Exercise 8 - Hovering


Ground Effect

Flight Manual performance charts

  • Hover In Ground Effect
  • Hover Out of Ground Effect



For the student to learn how to hover.


This is an exercise fundamental to all helicopter operations.


  • Lookout
  • Engine limitations

Teaching Points

    1. The hover:
      1. define hovering as maintaining a constant height and heading over a given ground position;
      2. state the hover height as appropriate to type; and
      3. explain that facing into wind results in the helicopter being easier to control and uses less power.
    2. Explain the effects of controls at the hover
      1. Cyclic
        1. Point out the following:
        2. The cyclic controls disc attitude. A change of disc attitude is followed by a change in fuselage attitude. This results in the helicopter moving over the ground. In some types of helicopter there is appreciable lag in this chain of events.
        3. To regain the hover from movement in any direction, requires two cyclic movements; one to stop the movement, and a second to stabilize the helicopter.
        4. All cyclic movements should be small. Cyclic trim should be employed, if fitted.
      2. Collective
        1. Point out the following:
        2. The collective controls height above ground.
        3. Changes of collective pitch will produce yaw and RPM changes unless prevented.
      3. Throttle
        1. Where appropriate to type, describe the use of the throttle to maintain RPM.
      4. Pedals
        1. Describe the effects of pedal control movements on heading and RPM.
    3. Describe the visual cues used to maintain the hover and stress the importance of looking well ahead of the helicopter.



    1. Demonstrate the use of the cyclic at the hover into wind.
    2. Student practice with cyclic only, until a hover can be maintained without excessive effort.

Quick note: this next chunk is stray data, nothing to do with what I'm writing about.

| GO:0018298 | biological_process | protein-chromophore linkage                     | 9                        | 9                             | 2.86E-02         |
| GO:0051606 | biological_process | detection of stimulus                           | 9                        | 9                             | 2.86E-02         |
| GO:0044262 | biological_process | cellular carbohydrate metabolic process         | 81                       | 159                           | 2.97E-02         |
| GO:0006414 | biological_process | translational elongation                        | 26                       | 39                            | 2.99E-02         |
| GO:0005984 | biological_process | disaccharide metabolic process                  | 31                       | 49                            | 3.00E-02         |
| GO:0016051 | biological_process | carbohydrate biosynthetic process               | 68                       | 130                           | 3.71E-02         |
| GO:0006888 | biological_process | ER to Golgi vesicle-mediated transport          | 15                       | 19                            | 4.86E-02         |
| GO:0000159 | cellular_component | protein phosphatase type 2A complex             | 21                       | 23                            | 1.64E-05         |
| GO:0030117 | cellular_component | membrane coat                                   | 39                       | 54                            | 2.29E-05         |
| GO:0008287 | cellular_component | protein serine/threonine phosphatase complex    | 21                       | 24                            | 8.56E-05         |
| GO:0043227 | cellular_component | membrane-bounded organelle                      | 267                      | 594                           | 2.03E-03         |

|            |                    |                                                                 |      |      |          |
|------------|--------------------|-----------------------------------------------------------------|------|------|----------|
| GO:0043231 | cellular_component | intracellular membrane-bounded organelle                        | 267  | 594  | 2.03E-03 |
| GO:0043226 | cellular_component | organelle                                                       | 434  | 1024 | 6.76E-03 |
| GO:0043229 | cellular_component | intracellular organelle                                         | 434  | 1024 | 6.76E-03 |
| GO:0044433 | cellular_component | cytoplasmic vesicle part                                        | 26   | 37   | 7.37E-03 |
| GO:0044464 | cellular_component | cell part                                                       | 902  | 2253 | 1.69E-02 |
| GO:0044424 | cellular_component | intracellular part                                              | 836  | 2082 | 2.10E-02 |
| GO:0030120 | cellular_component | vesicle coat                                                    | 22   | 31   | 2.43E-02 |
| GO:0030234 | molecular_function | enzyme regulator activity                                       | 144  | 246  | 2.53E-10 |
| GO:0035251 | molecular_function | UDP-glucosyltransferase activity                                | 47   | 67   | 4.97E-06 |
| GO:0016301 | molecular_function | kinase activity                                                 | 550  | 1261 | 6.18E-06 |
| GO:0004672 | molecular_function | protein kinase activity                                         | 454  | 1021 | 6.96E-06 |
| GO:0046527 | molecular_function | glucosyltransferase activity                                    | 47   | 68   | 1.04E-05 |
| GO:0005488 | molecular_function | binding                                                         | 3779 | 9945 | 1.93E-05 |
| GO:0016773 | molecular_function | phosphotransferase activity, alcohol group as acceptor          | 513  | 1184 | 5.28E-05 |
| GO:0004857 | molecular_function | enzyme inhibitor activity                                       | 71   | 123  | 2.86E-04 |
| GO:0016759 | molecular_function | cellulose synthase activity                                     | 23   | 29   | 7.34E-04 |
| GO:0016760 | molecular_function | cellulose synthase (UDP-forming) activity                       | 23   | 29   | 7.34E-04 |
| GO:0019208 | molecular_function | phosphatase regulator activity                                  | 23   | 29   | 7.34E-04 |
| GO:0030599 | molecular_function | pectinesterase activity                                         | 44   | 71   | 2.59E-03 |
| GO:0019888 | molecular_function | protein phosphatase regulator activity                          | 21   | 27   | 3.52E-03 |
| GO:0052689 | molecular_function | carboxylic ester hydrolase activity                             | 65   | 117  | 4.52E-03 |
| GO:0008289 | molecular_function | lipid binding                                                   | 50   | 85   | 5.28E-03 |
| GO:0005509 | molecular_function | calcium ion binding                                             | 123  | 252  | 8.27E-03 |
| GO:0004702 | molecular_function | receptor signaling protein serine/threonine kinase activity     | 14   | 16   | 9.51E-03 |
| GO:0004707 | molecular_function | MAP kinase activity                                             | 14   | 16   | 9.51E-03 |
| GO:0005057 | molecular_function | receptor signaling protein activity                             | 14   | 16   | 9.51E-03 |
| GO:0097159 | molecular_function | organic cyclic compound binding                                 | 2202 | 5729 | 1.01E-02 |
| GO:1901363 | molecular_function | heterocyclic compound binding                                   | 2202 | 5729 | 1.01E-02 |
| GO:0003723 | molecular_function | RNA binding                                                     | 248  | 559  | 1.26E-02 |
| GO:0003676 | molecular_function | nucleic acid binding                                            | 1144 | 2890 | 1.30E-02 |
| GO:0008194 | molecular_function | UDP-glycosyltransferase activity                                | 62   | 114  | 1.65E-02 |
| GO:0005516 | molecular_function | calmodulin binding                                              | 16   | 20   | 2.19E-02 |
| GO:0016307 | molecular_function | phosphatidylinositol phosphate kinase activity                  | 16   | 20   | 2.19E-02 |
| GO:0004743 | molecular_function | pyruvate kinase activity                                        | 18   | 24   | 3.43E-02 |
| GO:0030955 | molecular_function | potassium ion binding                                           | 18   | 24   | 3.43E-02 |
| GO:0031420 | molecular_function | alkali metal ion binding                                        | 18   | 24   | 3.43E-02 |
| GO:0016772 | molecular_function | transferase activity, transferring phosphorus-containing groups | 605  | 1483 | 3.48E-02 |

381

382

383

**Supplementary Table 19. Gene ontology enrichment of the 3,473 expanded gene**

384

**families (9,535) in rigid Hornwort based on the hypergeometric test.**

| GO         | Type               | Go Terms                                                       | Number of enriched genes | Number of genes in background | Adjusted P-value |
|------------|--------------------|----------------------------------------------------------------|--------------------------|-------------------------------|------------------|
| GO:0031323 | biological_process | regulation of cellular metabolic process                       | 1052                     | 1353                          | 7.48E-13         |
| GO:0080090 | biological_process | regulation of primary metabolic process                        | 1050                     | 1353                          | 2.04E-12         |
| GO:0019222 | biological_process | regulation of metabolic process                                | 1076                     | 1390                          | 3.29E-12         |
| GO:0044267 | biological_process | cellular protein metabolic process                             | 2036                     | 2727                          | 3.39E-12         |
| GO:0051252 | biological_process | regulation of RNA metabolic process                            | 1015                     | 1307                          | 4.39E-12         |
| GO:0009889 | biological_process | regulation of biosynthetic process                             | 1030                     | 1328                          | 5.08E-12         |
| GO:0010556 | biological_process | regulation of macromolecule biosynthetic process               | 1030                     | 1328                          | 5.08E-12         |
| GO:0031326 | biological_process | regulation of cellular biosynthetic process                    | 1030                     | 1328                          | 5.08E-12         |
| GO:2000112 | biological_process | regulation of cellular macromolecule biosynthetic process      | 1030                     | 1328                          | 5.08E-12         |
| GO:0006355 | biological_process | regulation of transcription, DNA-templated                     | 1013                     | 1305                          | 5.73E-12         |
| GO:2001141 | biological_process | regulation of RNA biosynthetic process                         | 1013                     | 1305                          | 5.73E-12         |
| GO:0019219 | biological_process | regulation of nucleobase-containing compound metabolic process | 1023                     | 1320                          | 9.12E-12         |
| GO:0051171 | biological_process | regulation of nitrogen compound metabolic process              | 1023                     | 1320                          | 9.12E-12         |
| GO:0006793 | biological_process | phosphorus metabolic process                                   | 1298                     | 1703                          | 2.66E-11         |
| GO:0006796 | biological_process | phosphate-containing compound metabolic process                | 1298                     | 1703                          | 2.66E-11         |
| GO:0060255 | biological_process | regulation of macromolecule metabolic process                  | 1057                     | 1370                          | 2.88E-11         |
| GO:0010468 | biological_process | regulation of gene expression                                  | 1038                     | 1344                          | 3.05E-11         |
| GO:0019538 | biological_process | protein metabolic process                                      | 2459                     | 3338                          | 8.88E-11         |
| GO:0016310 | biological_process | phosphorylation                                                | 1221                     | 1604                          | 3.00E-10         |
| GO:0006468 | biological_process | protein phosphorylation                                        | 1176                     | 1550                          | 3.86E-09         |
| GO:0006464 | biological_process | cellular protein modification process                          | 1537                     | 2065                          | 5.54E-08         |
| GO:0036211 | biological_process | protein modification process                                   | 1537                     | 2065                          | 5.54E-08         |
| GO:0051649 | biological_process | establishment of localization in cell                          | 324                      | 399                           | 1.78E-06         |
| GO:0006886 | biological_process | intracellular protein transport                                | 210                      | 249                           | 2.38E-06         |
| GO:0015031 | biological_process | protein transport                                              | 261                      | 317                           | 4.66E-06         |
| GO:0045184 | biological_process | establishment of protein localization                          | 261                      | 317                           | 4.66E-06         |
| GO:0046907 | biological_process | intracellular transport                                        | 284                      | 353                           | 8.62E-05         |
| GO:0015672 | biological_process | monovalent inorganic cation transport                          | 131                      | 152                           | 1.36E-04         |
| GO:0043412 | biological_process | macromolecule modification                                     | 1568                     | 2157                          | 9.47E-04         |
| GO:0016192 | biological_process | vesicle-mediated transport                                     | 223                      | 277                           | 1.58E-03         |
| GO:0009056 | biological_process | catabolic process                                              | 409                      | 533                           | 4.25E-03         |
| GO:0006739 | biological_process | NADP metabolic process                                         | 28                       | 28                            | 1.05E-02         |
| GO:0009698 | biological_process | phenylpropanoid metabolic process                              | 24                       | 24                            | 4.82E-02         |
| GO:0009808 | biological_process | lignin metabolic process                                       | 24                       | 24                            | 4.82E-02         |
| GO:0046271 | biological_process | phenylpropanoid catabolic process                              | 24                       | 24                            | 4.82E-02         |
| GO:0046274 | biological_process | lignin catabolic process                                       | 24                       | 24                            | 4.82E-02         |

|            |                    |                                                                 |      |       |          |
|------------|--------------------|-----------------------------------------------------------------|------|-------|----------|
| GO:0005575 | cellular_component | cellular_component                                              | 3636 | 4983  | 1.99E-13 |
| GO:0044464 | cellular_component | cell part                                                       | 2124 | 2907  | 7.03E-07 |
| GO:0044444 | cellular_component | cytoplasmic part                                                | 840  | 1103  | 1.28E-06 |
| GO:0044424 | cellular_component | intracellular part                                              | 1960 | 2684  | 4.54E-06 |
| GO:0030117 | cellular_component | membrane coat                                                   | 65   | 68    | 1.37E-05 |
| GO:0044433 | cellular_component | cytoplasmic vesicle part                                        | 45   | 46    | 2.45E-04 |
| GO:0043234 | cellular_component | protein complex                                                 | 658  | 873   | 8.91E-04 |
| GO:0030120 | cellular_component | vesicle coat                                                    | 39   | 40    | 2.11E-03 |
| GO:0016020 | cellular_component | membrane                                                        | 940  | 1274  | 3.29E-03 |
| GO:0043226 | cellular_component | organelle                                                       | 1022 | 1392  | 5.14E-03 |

3. Demonstrate the use of the collective and pedals.
    4. Student practice.
    5. Student practice using all controls.
    6. Demonstrate the differences in power required to hover in and out of wind, ground effect, and over different types of surface (e.g. tarmac, long grass etc.).


    1. This exercise demands a high degree of co-ordination and should not be taught until the student has acquired a reasonable state of competence in exercises 1-7. Introducing it earlier than this could lead to frustration and undue fatigue for both student and instructor.
    2. An alternative technique is using slow flight to introduce hovering. This procedure takes the form of low slow flight into wind across a suitable clear area. Speed and height are progressively reduced in successive passes until the helicopter is creeping forward at a walking pace in ground effect, and then momentarily halted before transitioning into forward flight again. These momentary pauses are in fact periods of hovering, however brief, and are gradually extended as competency improves, until prolonged periods of hovering are achieved. This procedure is outlined in Exercise 12.
    3. Whichever technique for teaching the hover is used, the student will generally tend to tire quickly. Air exercises should be kept short and terminated as soon as the first signs of fatigue appear.
    4. Initially the student may not be able to use more than one control at a time, and it may even be necessary to limit the travel of that control.
    5. Allow frequent rest periods to enable the student to relax, and try to practise other exercises or perform other demonstrations to give the student a break from hovering.
    6. Keep a close watch on the temperatures, pressures and wind velocity during prolonged hovering.